Wednesday, July 16, 2008

Church Fathers On the Sinlessness of Mary




Here are some excerpts from my book The Church Fathers Were Catholic:

St. Athanasius

. . . pure and unstained Virgin . . . (On the Incarnation of the Word, 8; Gambero, 102)

O noble Virgin, truly you are greater than any other greatness. For who is your equal in greatness, O dwelling place of God the Word? To whom among all creatures shall I compare you, O Virgin? You are greater than them all O Covenant, clothed with purity instead of gold! You are the Ark in which is found the golden vessel containing the true manna, that is, the flesh in which divinity resides. (Homily of the Papyrus of Turin, 71, 216; Gambero, 106)

St. Ephraem

Mary and Eve, two people without guilt, two simple people, were identical. Later, however, one became the cause of our death, the other the cause of our life (Op. syr. II, 327; Ott, 201)

The Virgin Mary is a symbol of the Church, when she receives the first announcement of the gospel . . . We call the Church by the name of Mary, for she deserves a double name. (Sermo ad noct. Resurr.; Gambero, 115)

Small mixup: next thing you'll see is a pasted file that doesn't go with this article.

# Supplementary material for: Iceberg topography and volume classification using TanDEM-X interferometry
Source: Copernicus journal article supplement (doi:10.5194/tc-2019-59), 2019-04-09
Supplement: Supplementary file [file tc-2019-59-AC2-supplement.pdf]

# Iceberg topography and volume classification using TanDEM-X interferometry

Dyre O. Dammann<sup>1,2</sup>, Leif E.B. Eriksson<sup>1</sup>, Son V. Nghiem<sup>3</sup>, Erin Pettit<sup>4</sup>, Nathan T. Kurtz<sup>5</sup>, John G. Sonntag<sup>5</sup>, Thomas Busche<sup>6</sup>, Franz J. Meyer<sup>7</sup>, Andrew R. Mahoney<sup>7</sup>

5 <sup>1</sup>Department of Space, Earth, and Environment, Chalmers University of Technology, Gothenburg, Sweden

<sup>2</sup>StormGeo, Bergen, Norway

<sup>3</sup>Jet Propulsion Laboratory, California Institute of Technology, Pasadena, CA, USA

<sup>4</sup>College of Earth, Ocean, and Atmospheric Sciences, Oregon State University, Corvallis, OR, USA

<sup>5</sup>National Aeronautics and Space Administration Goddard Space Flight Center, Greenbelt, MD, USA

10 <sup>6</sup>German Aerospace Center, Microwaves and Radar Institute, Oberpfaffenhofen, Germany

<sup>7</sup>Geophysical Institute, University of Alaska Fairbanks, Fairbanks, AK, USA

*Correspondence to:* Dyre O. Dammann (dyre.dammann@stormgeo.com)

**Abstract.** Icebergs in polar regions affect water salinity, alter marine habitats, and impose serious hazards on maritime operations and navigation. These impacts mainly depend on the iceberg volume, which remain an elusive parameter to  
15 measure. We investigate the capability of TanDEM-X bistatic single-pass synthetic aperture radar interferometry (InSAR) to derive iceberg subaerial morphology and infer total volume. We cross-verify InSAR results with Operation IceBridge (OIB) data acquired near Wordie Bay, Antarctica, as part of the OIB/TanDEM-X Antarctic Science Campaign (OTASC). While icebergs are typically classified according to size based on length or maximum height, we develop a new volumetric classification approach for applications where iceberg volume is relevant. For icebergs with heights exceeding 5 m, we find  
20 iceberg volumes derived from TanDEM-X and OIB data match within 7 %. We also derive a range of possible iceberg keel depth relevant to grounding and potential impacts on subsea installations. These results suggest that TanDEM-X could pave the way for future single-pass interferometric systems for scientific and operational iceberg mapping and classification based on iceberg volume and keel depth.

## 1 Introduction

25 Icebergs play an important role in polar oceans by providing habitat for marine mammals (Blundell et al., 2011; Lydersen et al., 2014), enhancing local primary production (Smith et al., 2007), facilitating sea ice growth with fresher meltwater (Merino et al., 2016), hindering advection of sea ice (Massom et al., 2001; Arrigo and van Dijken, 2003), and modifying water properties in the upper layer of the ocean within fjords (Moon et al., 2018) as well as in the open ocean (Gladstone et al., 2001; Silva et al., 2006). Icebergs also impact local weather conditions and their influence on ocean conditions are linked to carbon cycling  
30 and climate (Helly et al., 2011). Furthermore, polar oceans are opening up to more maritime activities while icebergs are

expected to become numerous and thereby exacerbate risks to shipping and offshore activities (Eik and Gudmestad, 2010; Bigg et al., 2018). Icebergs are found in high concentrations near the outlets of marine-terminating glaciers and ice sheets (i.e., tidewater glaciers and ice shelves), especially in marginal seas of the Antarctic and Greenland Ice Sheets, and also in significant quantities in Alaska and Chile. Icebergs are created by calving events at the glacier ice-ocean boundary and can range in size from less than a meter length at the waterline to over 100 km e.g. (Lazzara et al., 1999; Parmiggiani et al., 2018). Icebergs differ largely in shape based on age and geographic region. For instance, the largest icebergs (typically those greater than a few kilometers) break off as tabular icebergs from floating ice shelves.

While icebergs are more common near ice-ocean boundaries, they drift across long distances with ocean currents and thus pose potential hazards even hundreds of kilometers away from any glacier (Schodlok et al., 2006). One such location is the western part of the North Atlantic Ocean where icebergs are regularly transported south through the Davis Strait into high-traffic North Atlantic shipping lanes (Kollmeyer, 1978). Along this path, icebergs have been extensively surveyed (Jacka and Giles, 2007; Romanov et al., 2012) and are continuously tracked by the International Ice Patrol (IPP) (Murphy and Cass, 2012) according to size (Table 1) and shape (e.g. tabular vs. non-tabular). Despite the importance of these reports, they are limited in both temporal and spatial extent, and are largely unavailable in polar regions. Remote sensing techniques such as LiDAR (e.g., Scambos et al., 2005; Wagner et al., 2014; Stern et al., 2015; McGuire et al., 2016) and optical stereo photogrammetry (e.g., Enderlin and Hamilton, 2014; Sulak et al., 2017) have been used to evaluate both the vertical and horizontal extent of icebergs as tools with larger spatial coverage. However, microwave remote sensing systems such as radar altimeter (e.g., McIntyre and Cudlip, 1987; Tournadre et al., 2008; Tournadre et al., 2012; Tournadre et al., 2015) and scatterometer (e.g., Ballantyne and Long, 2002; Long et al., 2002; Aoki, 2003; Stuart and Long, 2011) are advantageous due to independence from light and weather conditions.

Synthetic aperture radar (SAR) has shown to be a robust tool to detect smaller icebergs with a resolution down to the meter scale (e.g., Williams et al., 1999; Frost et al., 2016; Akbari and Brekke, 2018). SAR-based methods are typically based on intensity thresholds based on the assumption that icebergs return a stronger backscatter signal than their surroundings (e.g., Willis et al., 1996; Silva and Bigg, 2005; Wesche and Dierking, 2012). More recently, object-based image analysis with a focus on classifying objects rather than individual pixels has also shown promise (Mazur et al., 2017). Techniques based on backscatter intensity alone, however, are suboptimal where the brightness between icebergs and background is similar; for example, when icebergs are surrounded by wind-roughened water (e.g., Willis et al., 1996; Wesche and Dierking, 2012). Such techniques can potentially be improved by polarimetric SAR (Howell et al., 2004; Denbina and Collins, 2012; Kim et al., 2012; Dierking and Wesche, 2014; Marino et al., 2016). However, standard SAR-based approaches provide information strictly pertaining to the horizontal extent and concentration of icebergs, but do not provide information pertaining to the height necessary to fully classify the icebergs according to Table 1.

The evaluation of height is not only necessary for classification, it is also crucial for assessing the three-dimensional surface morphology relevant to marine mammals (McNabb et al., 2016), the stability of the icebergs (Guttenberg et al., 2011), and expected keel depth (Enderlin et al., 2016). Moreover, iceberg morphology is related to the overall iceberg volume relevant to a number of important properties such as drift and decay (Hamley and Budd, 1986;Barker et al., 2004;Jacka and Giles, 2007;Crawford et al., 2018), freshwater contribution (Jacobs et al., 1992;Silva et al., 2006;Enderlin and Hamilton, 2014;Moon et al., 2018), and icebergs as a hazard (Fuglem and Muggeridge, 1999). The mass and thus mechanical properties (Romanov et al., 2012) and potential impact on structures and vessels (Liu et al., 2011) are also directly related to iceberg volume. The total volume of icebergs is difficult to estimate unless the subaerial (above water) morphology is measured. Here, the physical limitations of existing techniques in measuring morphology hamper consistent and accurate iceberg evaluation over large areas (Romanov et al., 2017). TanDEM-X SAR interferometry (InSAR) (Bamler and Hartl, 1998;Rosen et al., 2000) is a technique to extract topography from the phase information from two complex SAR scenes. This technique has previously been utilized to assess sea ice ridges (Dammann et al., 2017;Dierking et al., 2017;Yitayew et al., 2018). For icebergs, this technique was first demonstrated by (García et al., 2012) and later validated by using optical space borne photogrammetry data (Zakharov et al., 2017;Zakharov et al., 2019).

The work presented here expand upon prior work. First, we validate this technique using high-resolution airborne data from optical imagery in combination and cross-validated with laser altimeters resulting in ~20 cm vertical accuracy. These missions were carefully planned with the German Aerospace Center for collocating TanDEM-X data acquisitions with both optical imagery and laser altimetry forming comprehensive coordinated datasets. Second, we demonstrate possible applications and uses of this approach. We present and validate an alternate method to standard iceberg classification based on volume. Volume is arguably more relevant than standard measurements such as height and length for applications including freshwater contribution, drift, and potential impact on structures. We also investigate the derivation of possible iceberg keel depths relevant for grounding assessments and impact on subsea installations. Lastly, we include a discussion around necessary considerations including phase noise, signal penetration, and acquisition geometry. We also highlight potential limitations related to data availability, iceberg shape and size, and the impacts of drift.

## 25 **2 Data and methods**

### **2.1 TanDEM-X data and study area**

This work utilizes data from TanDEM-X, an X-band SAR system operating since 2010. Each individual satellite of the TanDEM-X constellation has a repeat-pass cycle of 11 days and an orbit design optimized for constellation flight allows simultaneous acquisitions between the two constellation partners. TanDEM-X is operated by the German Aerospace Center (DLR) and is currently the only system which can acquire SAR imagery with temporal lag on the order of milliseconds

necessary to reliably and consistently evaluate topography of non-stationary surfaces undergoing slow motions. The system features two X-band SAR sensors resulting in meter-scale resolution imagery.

Thou and thy mother are the only ones who are totally beautiful in every respect; for in thee, O Lord, there is no spot, and in thy Mother no stain. (Nisibene Hymns, 27, v. 8; Ott, 201)

Citing this source, J.N.D. Kelly asserts:
[W]e find Ephraem delineating her as free from every stain, like her son.

(Kelly, 495)
St. Cyril of Jerusalem

Pure and spotless is this birth. For where the Holy Spirit breathes, all pollution is taken away, so that the human birth of the Only-begotten from the Virgin is undefiled. (Catechetical Lectures, XII, 31-32; Gambero, 140)

St. Gregory Nazianzen

He was conceived by the Virgin, who had first been purified by the Spirit in soul and body; for, as it was fitting that childbearing should receive its share of honor, so it was necessary that virginity should receive even greater honor. (Sermon 38, 13; Gambero, 162-163)

St. Gregory of Nyssa

It was, to divulge by the manner of His Incarnation this great secret; that purity is the only complete indication of the presence of God and of His coming, and that no one can in reality secure this for himself, unless he has altogether estranged himself from the passions of the flesh. What happened in the stainless Mary when the fulness of the Godhead which was in Christ shone out through her, that happens in every soul that leads by rule the virgin life. (On Virginity, 2; NPNF 2, Vol. V, 344)

[T]he power of the Most High, through the Holy Spirit, overshadowed the human nature and was formed therein; that is to say, the portion of flesh was formed in the immaculate Virgin. (Against Apollinaris, 6; Gambero, 153)

St. Ambrose

. . . Mary, a Virgin not only undefiled but a Virgin whom grace has made inviolate, free of every stain of sin. (Commentary on Psalm 118, 22, 30; Jurgens, II, 166)

What is greater than the Mother of God? What more glorious than she whom Glory Itself chose? What more chaste than she who bore a body without contact with another body? (Virginity, II, 6; NPNF 2, Vol. X, 374)